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Ive stumbled upon this code that really confuses me:

SomeObject->SomeFunction()->AnotherFunction(...);

What is the meaning of the second arrow -> that follows the call to SomeFunction() member function? Thank you!

P.S. SomeFunction() function is declared inside a class just like this:

const int * SomeFunction() {return ipValue;}
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4  
if SomeFunction returns int, that won't even compile –  pezcode Feb 13 '12 at 18:08
    
That should not compile, since an int does not have a AnotherFuntion member function. –  crashmstr Feb 13 '12 at 18:09
1  
Check again, SomeFunction must return a pointer to some class. –  jrok Feb 13 '12 at 18:09
    
it probably returns this. –  Karoly Horvath Feb 13 '12 at 18:10
    
oh my bad, just edited the question to reflect that –  Vis Viva Feb 13 '12 at 18:12
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3 Answers 3

up vote 3 down vote accepted

SomeFunction() returns a pointer to a class which has one of its methods (called AnotherFunction) invoked. If you break it up, it might look like this:

Object* obj = SomeObject->SomeFunction();
obj->AnotherFunction();

As already mentioned, if SomeFunction() returns an int* this won't work.

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2  
As already mentioned, if SomeFunction() returns an int* this won't work. –  Kaganar Feb 13 '12 at 18:11
    
SomeFunction() returns a const int*. It's specified in the question. –  Luchian Grigore Feb 13 '12 at 18:12
    
Thank you very much! That answered my question! –  Vis Viva Feb 13 '12 at 18:15
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That's a compilation error.

int is a basic type, not a class, so you can't call methods on it.

This technique is called method chaining. You can call subsequent methods if the member function returns an object or a pointer to an object. In your case, it doesn't compile since the method returns an int. However, something like the following would work:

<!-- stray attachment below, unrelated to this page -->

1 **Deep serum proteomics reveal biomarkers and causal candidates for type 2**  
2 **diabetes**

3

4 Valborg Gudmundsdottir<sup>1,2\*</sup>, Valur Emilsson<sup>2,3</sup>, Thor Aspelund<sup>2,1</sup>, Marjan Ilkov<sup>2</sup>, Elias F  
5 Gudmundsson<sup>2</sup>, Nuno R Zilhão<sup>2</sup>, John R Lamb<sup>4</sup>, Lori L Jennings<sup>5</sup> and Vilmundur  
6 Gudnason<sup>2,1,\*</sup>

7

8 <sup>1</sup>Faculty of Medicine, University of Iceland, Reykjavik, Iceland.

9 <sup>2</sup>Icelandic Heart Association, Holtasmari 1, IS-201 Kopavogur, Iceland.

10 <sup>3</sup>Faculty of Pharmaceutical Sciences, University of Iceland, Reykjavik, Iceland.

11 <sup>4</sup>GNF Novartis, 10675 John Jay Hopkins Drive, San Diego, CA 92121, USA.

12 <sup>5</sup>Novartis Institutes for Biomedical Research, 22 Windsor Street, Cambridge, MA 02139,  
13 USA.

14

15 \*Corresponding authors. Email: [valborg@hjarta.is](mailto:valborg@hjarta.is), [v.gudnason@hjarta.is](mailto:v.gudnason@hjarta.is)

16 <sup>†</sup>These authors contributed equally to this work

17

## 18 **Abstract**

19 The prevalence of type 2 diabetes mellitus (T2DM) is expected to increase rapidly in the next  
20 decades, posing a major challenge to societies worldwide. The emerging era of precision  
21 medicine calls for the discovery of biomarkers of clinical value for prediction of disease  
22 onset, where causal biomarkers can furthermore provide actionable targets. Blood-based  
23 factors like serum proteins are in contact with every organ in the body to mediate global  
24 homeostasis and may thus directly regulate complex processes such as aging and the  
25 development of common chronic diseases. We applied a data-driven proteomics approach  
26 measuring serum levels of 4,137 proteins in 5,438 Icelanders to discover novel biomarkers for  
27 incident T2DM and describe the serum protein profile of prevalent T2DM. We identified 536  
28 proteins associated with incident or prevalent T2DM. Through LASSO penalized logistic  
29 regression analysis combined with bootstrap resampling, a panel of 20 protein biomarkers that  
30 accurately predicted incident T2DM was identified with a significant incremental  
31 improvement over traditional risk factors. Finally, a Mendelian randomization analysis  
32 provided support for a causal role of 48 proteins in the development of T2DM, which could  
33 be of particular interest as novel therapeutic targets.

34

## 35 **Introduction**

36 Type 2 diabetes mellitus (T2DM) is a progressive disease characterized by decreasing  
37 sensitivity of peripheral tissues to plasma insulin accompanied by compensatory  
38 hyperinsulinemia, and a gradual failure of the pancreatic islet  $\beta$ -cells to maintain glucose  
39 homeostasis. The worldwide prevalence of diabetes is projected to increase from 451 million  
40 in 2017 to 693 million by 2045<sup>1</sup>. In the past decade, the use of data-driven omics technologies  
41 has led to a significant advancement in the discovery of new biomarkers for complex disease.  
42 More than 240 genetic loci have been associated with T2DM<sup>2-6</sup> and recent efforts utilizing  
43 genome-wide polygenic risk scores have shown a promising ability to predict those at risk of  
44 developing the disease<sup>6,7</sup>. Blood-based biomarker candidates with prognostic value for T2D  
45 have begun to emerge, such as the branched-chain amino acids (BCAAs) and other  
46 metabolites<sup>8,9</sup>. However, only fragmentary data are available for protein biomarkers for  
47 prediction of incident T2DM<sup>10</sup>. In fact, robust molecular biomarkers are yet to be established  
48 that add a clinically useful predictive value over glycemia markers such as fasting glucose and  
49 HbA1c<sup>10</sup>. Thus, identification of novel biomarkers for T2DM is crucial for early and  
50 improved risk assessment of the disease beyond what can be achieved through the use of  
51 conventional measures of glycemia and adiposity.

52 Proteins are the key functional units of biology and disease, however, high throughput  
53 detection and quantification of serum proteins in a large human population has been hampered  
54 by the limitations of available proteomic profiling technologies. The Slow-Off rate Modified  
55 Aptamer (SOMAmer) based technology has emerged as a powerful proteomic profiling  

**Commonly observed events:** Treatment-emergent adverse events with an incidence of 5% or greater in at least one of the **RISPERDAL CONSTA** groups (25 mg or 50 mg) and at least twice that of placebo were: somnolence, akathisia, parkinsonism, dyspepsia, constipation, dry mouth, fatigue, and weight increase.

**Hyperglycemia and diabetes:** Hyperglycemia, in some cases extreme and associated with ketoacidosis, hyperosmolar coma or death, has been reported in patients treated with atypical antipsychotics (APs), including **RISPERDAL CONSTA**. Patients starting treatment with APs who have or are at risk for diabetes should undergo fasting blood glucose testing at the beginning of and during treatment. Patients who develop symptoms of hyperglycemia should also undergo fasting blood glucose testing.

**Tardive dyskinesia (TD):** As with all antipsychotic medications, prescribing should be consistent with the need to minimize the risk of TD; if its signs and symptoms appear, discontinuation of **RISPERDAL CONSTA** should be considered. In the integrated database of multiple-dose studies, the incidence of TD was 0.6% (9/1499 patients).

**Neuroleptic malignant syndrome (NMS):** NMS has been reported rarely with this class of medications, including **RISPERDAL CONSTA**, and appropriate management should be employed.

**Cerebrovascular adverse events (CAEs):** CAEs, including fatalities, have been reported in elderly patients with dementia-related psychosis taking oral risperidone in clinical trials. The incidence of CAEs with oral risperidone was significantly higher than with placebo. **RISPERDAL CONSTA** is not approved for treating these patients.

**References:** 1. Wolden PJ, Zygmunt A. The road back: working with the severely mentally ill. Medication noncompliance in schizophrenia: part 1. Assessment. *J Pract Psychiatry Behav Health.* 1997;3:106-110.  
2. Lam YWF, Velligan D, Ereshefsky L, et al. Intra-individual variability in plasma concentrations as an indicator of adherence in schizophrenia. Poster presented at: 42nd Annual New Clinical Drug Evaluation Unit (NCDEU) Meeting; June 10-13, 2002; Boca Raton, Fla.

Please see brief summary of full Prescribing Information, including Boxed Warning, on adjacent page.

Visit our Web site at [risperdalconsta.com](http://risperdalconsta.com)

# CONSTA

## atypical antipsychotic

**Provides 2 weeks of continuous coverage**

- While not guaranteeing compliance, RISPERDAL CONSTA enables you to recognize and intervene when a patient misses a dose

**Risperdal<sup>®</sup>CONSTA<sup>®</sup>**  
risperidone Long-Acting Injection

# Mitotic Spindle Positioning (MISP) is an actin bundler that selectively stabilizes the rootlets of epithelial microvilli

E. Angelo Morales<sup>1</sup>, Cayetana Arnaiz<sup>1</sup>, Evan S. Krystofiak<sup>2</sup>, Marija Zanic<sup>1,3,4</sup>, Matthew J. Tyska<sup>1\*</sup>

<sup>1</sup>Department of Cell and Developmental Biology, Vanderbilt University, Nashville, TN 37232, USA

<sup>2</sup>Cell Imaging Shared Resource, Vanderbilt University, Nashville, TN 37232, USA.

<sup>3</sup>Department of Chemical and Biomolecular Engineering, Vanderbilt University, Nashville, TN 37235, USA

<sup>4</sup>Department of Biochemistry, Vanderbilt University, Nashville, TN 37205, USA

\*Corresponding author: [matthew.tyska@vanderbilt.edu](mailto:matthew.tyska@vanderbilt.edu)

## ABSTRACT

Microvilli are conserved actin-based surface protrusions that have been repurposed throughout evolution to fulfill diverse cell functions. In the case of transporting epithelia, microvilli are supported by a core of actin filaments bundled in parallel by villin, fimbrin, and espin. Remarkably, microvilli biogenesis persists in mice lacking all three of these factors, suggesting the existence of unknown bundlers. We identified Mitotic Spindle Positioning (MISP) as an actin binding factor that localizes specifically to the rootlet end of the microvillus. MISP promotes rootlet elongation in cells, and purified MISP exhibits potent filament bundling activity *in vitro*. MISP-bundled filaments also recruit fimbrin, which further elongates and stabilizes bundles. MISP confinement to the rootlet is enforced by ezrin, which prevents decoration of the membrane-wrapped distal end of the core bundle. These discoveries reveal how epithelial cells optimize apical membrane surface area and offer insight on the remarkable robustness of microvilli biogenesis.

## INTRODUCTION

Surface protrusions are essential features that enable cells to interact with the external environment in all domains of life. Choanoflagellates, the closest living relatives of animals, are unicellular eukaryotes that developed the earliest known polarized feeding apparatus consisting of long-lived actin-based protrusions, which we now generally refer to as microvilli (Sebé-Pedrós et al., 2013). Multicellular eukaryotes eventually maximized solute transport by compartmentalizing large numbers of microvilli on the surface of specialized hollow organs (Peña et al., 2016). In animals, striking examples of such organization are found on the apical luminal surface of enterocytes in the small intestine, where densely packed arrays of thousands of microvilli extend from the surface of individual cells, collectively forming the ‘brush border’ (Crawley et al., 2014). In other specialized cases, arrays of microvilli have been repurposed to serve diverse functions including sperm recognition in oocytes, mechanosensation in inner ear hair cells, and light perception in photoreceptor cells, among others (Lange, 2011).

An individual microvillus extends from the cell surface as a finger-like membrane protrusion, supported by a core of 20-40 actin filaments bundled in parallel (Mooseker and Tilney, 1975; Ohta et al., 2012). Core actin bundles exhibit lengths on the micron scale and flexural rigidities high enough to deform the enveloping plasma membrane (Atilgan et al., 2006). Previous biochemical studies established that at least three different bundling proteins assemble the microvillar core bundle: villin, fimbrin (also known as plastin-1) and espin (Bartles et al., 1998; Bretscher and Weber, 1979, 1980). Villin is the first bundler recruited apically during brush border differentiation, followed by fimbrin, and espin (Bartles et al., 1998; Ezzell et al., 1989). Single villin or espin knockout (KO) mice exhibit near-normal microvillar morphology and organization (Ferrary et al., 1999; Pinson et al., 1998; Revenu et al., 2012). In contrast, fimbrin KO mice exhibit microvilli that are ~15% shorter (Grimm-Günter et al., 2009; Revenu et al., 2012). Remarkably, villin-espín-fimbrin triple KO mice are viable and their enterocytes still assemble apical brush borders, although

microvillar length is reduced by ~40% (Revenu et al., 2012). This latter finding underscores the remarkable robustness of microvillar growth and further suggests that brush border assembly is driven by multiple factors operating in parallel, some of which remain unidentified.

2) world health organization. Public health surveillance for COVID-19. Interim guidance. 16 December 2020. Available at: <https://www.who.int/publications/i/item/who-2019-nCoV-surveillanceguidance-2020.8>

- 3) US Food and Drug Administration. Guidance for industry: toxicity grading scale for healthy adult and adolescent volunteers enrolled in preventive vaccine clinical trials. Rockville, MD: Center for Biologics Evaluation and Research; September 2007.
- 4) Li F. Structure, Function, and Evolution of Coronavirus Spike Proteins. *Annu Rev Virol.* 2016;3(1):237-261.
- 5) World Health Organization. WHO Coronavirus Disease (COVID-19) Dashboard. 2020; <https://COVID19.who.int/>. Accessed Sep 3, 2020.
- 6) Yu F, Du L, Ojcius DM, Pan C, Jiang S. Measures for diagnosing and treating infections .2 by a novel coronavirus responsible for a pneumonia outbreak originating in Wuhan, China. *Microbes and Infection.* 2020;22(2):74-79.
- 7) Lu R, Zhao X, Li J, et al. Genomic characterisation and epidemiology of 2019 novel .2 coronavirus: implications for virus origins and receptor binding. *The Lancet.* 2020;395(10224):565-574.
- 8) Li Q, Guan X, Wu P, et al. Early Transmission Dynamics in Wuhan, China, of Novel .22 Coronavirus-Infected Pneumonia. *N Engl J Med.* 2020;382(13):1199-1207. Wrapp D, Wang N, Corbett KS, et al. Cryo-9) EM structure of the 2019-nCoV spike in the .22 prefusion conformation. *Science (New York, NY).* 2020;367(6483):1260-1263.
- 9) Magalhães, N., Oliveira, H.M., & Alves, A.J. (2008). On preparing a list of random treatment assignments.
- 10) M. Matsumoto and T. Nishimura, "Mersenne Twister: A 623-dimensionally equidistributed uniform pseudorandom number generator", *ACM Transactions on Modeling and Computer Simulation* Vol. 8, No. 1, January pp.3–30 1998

class A
{
public:
   A* foo();
   A* goo();
};

A* a = new A;
a->foo()->goo()->foo();
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It means, that the method SomeFunction() returns some kind of pointer or pointer-like object on which then in turn AnotherFunction() is called.

This means, that the -> operator has exactely the same meaning, no matter, where it appears in your expressions.

EDIT:

Since the return type is int (before the edit) the code will not compile as given. As you can see here, the compiler complains about the operand to -> not being a pointer. If you change the return type to a int * it still will not compile, since the operator -> can only be invoked on pointers to class types, but not on pointers to fundamental types such as int. Here is an example with a int * and the appropriate error message.

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Whoops, just noted the return type you gave for SomeFunction(). In that case there are many things wrong. This will not compile, and the const in the return type is absolutely meaningless to the compiler (but might sometimes be used as documentation). –  LiKao Feb 13 '12 at 18:11
    
And here is the proof, that it does not compile the way you described it: ideone.com/9zCTr –  LiKao Feb 13 '12 at 18:15
    
Why was this downvoted? –  LiKao Feb 13 '12 at 18:24
    
2 reasons: 1. SomeFunction() doesn't return a pointer. 2. the -> operator can be overloaded, so it's not necessary to have the same meaning, no matter what. If you correct the answer, I will happily remove the downvote. –  Luchian Grigore Feb 13 '12 at 18:27
    
@Luchian: Point 1 was mentioned in the comment, including a link to prove the comment. Also I was refering to a pointer or pointer like object (i.e. an object which has the -> operator overloaded). Furthermore I did not say that it has the same meaning "no matter what", but no matter where it appears. The syntax of the operator -> is of course a very complicated matter in the presence of operator overloading, but this has nothing to do with the placement within the expression. –  LiKao Feb 13 '12 at 18:32
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